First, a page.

Washington, D.C. – NGA member and CEO of Fresh Encounter Inc., Michael Needler Jr., a third-generation independent grocer who operates nearly 100 grocery stores in Ohio, Indiana, Kentucky, and Florida, testified before the Senate Judiciary Subcommittee on Competition Policy, Antitrust, and Consumer Rights on the effect of enhanced consolidation and buyer power in the marketplace.
In the hearing, titled “Examining the Competitive Impact of the Proposed Kroger-Albertsons Transaction,” Needler provided the committee with the independent grocer perspective on competition in the grocery sector and the potential impact of the Kroger-Albertsons merger.
“Our view is this: America’s grocery sector is getting less competitive from increasing concentration and unchecked buyer power due to a lack of enforcement of the Robinson-Patman Act,” Needler shared in his opening statement. “Let me clear: we are agnostic on this transaction. We are not afraid to compete against anyone, no matter how big. What we oppose is the lack of constraints on buyer power which thwarts our ability to compete in the first place.”
Increased consolidation and economic discrimination in the grocery industry is a growing problem across America’s food supply chain. Today, a small handful of firms wield unprecedented economic power over food processing, meat packing, and retail. These firms use their economic power to disadvantage smaller competitors and dictate terms from suppliers to provide lower prices and more favorable supply terms, special package offerings and product availability, leaving independent grocers to pay the price.
“America’s independent grocers and wholesalers are the backbone of their communities, providing access to nutritious food, essential services, and local jobs. In towns across the nation, independent grocers strive to compete on price, quality, service, convenience and product variety,” said NGA President and CEO Greg Ferrara. “However, lack of antitrust enforcement has allowed for the creation of a new generation of power buyers, and enhanced levels of concentration in the grocery retailing marketplace. Without enforcement of antitrust laws like the Robinson-Patman Act, power buyers will continue to engage in this cycle of anticompetitive behavior, harming competition within the industry and consumers.”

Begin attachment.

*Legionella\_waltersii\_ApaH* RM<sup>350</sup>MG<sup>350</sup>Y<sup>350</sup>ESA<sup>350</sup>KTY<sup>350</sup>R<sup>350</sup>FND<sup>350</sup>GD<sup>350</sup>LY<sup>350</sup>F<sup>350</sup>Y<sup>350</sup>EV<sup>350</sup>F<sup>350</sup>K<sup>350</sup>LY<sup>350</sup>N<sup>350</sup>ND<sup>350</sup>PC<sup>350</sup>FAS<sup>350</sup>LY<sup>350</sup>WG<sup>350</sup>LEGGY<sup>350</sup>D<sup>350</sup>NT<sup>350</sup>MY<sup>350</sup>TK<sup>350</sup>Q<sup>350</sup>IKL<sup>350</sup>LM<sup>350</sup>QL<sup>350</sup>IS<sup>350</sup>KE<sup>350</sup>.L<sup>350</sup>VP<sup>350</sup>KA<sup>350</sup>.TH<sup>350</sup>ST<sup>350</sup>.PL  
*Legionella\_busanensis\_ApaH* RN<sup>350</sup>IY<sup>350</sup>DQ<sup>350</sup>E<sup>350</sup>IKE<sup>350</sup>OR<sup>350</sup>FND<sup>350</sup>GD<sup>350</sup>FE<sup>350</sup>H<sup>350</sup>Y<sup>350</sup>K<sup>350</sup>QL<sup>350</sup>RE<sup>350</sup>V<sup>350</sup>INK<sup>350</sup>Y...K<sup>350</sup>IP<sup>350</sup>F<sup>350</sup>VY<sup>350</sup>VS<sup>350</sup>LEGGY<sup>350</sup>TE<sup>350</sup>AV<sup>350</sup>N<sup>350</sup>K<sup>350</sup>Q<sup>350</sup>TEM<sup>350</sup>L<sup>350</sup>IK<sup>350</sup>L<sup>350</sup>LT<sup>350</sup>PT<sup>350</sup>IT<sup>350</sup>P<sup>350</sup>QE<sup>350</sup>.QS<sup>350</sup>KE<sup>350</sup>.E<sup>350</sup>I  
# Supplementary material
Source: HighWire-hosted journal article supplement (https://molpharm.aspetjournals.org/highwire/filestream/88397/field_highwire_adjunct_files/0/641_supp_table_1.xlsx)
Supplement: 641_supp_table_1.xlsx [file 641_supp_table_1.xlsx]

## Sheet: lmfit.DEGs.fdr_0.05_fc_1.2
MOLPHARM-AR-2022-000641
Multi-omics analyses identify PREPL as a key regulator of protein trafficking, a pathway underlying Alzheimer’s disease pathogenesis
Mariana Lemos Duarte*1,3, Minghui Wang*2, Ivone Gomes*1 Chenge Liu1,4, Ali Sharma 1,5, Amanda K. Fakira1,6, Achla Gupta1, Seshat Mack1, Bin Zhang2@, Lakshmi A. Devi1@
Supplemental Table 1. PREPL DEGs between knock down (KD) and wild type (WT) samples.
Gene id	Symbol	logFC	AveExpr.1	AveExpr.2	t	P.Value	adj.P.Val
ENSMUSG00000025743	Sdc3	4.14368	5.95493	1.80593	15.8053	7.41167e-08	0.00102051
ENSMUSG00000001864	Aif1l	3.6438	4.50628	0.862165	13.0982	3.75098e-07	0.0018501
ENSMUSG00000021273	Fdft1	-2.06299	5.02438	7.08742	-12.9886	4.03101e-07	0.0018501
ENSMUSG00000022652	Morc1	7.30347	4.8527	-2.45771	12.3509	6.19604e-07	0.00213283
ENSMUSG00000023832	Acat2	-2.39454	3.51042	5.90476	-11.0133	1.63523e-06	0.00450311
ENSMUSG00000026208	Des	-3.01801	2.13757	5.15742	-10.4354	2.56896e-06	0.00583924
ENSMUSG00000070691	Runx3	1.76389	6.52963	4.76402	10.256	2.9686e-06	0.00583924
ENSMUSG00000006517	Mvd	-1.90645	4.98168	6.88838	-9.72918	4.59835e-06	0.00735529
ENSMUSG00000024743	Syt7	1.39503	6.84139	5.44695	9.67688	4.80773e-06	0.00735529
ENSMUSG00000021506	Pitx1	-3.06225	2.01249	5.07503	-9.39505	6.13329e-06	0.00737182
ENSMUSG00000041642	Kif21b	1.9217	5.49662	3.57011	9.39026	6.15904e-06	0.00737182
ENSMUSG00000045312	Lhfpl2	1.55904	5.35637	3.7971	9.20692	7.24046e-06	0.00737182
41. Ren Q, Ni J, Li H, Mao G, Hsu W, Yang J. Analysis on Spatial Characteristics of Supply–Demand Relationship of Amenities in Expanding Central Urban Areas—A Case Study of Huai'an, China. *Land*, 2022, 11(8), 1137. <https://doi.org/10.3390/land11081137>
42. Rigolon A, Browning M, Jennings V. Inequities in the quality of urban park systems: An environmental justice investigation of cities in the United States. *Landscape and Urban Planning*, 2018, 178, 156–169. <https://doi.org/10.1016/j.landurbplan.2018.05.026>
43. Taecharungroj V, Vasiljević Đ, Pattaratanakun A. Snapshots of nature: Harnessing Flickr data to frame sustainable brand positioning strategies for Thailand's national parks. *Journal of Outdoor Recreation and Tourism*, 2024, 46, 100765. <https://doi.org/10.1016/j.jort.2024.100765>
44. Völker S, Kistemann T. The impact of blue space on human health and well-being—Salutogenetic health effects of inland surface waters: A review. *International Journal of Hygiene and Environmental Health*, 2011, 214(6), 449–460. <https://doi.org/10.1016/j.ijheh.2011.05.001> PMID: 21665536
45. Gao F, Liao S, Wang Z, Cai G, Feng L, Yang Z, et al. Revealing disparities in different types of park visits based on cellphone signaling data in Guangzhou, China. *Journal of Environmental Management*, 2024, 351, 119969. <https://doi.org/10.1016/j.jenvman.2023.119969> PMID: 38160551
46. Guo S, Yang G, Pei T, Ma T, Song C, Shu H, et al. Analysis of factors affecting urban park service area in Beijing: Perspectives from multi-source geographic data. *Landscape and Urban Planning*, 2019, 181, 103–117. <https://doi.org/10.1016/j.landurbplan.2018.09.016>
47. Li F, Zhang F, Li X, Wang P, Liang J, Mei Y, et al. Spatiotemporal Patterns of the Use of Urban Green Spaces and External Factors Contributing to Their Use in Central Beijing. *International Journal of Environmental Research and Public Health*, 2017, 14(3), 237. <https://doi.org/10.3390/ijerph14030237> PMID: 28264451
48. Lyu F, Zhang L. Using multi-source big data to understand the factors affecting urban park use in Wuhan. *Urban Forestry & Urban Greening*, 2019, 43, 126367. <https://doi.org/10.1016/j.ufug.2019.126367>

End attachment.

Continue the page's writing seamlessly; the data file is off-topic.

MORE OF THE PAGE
“In addition to enforcing the Robinson-Patman Act, we strongly urge policymakers on Capitol Hill and at the FTC to rigorously examine the proposed divestitures of this merger to preserve competition in local marketplaces,” Ferrara continued.
NGA represents more than 1,800 independent grocery retailers who account for nearly 9,000 store fronts across the country, including at least one in every congressional district. These stores and their wholesaler distributors play a crucial role in American communities. They compete to offer low prices, higher food quality, better service, more accessible and convenient locations, a greater variety of products, and good jobs.
Additional Media Resources
Click here to read Needler’s testimony.
NGA is the national trade association representing the retail and wholesale community grocers that comprise the independent sector of the food distribution industry. An independent retailer is a privately owned or controlled food retail company operating a variety of formats. The independent grocery sector is accountable for about 1.2 percent of the nation’s overall economy and is responsible for generating more than $250 billion in sales, 1.1 million jobs, $39 billion in wages and $36 billion in taxes. NGA members include retail and wholesale grocers located in every congressional district across the country, as well as state grocers’ associations, manufacturers and service suppliers. For more information about NGA, visit www.nationalgrocers.org.